Jazz Master’s Signature, Written in Sax and Brass

(photo: Hiroyuki Ito for The New York Times)

Benny Carter spread his aesthetic throughout jazz from the 1920s to the 1960s, and he did it in a number of ways. Jazz exists first in the public imagination through its soloist stars, and from the mid-’20s onward Carter was a great improviser — first on alto saxophone, then on trumpet — though he didn’t satisfy anyone’s picture of a jazz genius as a troubled, mercurial man-child; he was private and professional.

But he was also an excellent composer, arranger and bandleader, able to handle great quantities of music and musicians; he knew how to collaborate. Those qualities eventually took him around the world and gave him longevity, so that he made excellent music until his death in 2003 at 95.

It was fitting then that no single musician ran away with Jazz at Lincoln Center’s Friday night concert at Rose Theater, based around Carter’s music, this year’s season-opening program. (Carter was born in 1907, and this is his centennial year.) If there was a star, it was a whole bloc within a band: the Jazz at Lincoln Center Orchestra’s saxophone section, playing the tightly harmonized passages that were among Carter’s signatures.

Carter’s arrangement of “All of Me,” from 1940, is a good example. After an introduction, it began with the four saxophonists playing two choruses of harmonized lockstep, running a rewritten version of the melody through the chords, and it had everything an individual solo can have: melodic shape, hesitation, easy swing, double-timing, open space. The same thing happened again, at the same level of execution, in “I Can’t Escape From You.” It was demanding music, beautifully coordinated.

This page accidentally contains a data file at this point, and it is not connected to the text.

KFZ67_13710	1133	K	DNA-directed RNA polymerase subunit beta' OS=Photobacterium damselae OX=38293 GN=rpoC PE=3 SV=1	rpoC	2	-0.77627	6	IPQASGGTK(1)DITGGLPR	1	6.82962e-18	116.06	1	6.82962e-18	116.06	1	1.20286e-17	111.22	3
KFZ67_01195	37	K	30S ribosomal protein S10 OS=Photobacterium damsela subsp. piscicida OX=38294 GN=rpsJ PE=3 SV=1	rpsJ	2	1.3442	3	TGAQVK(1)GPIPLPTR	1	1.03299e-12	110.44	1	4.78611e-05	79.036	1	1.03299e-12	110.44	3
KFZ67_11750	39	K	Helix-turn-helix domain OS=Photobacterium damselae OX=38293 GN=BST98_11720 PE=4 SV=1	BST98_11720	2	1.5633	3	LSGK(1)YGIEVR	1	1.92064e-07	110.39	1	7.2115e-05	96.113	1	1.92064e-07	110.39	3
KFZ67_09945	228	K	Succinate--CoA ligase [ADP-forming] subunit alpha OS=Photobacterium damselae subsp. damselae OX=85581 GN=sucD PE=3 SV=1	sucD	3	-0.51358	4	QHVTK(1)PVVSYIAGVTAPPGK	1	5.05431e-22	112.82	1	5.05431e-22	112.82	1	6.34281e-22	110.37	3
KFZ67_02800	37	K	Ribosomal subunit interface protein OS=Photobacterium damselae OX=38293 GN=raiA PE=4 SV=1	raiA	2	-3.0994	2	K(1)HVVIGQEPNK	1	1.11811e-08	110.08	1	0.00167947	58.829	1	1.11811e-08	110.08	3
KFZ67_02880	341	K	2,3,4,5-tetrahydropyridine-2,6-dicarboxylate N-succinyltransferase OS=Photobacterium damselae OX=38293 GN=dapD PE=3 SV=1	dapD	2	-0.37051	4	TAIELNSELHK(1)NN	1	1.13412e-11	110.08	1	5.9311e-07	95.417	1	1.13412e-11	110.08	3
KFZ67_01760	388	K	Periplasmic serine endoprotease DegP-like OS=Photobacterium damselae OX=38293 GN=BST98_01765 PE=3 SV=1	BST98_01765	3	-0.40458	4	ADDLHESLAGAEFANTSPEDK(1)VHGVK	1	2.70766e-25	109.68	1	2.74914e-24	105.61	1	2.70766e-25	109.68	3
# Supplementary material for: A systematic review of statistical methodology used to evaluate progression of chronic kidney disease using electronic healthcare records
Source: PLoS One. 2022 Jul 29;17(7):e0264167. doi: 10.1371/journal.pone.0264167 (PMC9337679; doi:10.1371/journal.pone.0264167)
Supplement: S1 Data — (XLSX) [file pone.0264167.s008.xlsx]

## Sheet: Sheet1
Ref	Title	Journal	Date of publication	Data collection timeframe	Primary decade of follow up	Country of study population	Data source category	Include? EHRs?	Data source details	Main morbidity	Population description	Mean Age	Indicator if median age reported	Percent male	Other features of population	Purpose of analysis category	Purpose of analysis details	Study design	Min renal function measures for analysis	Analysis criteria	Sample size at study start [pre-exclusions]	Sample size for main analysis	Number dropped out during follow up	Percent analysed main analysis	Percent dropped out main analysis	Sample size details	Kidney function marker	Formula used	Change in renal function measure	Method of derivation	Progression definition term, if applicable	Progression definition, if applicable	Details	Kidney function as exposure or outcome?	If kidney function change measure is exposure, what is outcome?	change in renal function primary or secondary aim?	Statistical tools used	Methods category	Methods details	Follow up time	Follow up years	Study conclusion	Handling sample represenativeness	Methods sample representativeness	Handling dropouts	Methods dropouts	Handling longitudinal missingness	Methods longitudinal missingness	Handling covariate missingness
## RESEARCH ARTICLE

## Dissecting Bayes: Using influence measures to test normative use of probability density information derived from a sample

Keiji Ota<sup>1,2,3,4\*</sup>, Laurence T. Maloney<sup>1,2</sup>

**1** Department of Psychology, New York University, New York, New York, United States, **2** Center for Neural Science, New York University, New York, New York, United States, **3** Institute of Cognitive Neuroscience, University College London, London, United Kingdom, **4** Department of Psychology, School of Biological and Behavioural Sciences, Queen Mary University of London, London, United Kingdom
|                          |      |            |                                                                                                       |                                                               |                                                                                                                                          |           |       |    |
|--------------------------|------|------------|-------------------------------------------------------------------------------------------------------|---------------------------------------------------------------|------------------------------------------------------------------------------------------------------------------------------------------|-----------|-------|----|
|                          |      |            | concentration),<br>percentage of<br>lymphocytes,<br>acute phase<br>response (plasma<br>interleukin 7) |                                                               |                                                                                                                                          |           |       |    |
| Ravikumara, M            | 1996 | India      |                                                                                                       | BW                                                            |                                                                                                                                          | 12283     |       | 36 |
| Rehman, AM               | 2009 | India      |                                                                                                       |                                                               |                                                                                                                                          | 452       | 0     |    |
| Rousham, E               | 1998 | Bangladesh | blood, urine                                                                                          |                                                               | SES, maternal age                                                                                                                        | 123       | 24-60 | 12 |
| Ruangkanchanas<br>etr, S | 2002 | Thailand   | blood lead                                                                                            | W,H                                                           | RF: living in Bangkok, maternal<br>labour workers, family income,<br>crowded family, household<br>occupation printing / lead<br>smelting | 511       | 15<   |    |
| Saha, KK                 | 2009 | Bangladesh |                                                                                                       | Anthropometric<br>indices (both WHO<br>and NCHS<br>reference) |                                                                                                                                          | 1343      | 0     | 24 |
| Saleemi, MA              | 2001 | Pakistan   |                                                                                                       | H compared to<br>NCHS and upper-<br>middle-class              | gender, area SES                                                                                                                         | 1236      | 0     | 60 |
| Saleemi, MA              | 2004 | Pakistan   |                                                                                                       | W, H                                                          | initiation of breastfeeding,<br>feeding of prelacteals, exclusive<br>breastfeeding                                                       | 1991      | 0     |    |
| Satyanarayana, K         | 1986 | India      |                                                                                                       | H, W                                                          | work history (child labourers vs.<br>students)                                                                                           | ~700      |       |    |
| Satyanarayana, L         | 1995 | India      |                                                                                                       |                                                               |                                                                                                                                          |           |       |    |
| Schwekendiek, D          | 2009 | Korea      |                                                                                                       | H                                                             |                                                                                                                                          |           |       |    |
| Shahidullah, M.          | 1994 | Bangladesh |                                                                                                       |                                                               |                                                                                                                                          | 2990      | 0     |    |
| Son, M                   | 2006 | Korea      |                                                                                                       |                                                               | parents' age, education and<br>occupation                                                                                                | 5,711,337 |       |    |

The show’s first half drew from 78 r.p.m. records, and the songs were over after a few blinks. Even with the introduction of a few singers (Cynthia Scott on “When Lights Are Low” and the orchestra’s trombonist, Vincent Gardner, singing the ersatz cowboy lyrics in “Cow Cow Boogie”), most of them reflected the compression of the recordings. They made their point, as quiet glides or rubbery riff tunes or saxophone-section bonanzas, then vanished.

The second section of the concert opened the music up a little more. “Doozy,” a stylish Carter blues from his 1961 record “Further Definitions,” is three and a half minutes on the recording; on Friday it ran longer, and deservedly so. They cracked it open. Bob Wilber appeared as a guest soloist and, in the middle of the tune, traded solos on sopranino saxophone with the baritone saxophonist Joe Temperley, little horn against big horn. Then the focus shifted to the alto saxophonists Ted Nash and Sherman Irby, Mr. Nash playing aggressive interval-jumps, Mr. Irby contradicting him with more gentle and congenial phrases.

Well, maybe there was a star, and maybe it was Mr. Irby. The alto saxophone was Carter’s instrument, and on three memorable solos Mr. Irby used his rich, plummy, rounded tone, one you almost never hear from younger saxophonists anymore, with a vibrato like a throb. The music deepened emotionally as it went along chronologically, and at the end — Carter’s slow, lovely final composition, “Again and Again,” from 2000 — the concert became an almost mystical kind of blue-light séance

by Ben Ratliff
Source: The New York Times

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